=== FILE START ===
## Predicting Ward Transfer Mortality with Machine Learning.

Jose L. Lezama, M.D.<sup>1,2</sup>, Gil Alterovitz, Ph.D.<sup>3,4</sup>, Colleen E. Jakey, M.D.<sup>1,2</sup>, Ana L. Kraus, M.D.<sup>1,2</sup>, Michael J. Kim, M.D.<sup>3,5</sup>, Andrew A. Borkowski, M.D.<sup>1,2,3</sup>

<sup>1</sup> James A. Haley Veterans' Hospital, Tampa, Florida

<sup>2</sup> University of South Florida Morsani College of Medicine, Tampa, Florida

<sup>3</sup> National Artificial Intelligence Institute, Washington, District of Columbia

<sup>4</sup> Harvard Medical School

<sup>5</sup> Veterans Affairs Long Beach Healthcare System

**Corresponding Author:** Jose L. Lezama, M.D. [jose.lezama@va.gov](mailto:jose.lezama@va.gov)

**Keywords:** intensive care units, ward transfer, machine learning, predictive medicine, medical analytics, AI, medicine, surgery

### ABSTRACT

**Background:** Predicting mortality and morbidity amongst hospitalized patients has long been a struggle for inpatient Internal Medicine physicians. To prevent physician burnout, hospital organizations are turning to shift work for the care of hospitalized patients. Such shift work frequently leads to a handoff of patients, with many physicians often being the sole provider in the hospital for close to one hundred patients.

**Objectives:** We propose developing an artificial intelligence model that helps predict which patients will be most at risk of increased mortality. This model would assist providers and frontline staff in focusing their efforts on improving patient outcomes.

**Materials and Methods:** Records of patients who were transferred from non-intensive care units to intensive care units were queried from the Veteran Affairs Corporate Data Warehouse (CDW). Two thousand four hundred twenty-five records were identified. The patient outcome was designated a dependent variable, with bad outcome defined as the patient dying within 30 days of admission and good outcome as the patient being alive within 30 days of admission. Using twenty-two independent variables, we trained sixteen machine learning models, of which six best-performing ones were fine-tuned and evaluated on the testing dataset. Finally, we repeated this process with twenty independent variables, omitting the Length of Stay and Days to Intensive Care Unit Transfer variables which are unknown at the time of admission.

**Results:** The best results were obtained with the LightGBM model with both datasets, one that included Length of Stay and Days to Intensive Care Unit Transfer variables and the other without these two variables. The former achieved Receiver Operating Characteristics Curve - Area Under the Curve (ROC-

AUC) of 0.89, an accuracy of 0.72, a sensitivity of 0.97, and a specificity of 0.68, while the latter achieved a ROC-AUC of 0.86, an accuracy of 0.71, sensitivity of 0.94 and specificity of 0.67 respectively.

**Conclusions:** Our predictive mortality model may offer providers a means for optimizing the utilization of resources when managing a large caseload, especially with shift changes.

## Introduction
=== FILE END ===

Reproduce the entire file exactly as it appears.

## Predicting Ward Transfer Mortality with Machine Learning.

Jose L. Lezama, M.D.<sup>1,2</sup>, Gil Alterovitz, Ph.D.<sup>3,4</sup>, Colleen E. Jakey, M.D.<sup>1,2</sup>, Ana L. Kraus, M.D.<sup>1,2</sup>, Michael J. Kim, M.D.<sup>3,5</sup>, Andrew A. Borkowski, M.D.<sup>1,2,3</sup>

<sup>1</sup> James A. Haley Veterans' Hospital, Tampa, Florida

<sup>2</sup> University of South Florida Morsani College of Medicine, Tampa, Florida

<sup>3</sup> National Artificial Intelligence Institute, Washington, District of Columbia

<sup>4</sup> Harvard Medical School

<sup>5</sup> Veterans Affairs Long Beach Healthcare System

**Corresponding Author:** Jose L. Lezama, M.D. [jose.lezama@va.gov](mailto:jose.lezama@va.gov)

**Keywords:** intensive care units, ward transfer, machine learning, predictive medicine, medical analytics, AI, medicine, surgery

### ABSTRACT

**Background:** Predicting mortality and morbidity amongst hospitalized patients has long been a struggle for inpatient Internal Medicine physicians. To prevent physician burnout, hospital organizations are turning to shift work for the care of hospitalized patients. Such shift work frequently leads to a handoff of patients, with many physicians often being the sole provider in the hospital for close to one hundred patients.

**Objectives:** We propose developing an artificial intelligence model that helps predict which patients will be most at risk of increased mortality. This model would assist providers and frontline staff in focusing their efforts on improving patient outcomes.

**Materials and Methods:** Records of patients who were transferred from non-intensive care units to intensive care units were queried from the Veteran Affairs Corporate Data Warehouse (CDW). Two thousand four hundred twenty-five records were identified. The patient outcome was designated a dependent variable, with bad outcome defined as the patient dying within 30 days of admission and good outcome as the patient being alive within 30 days of admission. Using twenty-two independent variables, we trained sixteen machine learning models, of which six best-performing ones were fine-tuned and evaluated on the testing dataset. Finally, we repeated this process with twenty independent variables, omitting the Length of Stay and Days to Intensive Care Unit Transfer variables which are unknown at the time of admission.

**Results:** The best results were obtained with the LightGBM model with both datasets, one that included Length of Stay and Days to Intensive Care Unit Transfer variables and the other without these two variables. The former achieved Receiver Operating Characteristics Curve - Area Under the Curve (ROC-

AUC) of 0.89, an accuracy of 0.72, a sensitivity of 0.97, and a specificity of 0.68, while the latter achieved a ROC-AUC of 0.86, an accuracy of 0.71, sensitivity of 0.94 and specificity of 0.67 respectively.

**Conclusions:** Our predictive mortality model may offer providers a means for optimizing the utilization of resources when managing a large caseload, especially with shift changes.

## Introduction